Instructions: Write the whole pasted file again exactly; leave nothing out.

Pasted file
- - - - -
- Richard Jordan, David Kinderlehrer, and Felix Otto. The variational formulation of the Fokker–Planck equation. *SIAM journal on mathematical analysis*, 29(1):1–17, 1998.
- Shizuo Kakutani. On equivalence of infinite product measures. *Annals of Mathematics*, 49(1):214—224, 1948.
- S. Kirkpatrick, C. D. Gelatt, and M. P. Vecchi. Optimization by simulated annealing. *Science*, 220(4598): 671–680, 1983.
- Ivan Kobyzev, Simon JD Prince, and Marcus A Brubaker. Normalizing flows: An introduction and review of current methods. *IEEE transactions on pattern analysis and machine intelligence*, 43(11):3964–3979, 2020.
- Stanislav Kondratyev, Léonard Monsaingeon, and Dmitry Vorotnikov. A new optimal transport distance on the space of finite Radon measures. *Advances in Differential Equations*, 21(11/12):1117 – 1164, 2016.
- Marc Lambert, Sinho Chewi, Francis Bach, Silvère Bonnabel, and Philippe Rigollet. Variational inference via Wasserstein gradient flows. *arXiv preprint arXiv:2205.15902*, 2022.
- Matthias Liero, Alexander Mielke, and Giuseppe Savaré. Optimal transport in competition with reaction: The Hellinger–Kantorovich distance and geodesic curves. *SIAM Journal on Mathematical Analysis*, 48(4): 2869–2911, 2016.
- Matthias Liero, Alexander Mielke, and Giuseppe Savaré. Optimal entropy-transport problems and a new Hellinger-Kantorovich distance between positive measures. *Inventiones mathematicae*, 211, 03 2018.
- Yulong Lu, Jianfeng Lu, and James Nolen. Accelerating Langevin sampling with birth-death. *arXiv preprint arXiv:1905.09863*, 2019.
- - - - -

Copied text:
- Richard Jordan, David Kinderlehrer, and Felix Otto. The variational formulation of the Fokker–Planck equation. *SIAM journal on mathematical analysis*, 29(1):1–17, 1998.
- Shizuo Kakutani. On equivalence of infinite product measures. *Annals of Mathematics*, 49(1):214—224, 1948.
- S. Kirkpatrick, C. D. Gelatt, and M. P. Vecchi. Optimization by simulated annealing. *Science*, 220(4598): 671–680, 1983.
- Ivan Kobyzev, Simon JD Prince, and Marcus A Brubaker. Normalizing flows: An introduction and review of current methods. *IEEE transactions on pattern analysis and machine intelligence*, 43(11):3964–3979, 2020.
- Stanislav Kondratyev, Léonard Monsaingeon, and Dmitry Vorotnikov. A new optimal transport distance on the space of finite Radon measures. *Advances in Differential Equations*, 21(11/12):1117 – 1164, 2016.
- Marc Lambert, Sinho Chewi, Francis Bach, Silvère Bonnabel, and Philippe Rigollet. Variational inference via Wasserstein gradient flows. *arXiv preprint arXiv:2205.15902*, 2022.
- Matthias Liero, Alexander Mielke, and Giuseppe Savaré. Optimal transport in competition with reaction: The Hellinger–Kantorovich distance and geodesic curves. *SIAM Journal on Mathematical Analysis*, 48(4): 2869–2911, 2016.
- Matthias Liero, Alexander Mielke, and Giuseppe Savaré. Optimal entropy-transport problems and a new Hellinger-Kantorovich distance between positive measures. *Inventiones mathematicae*, 211, 03 2018.
- Yulong Lu, Jianfeng Lu, and James Nolen. Accelerating Langevin sampling with birth-death. *arXiv preprint arXiv:1905.09863*, 2019.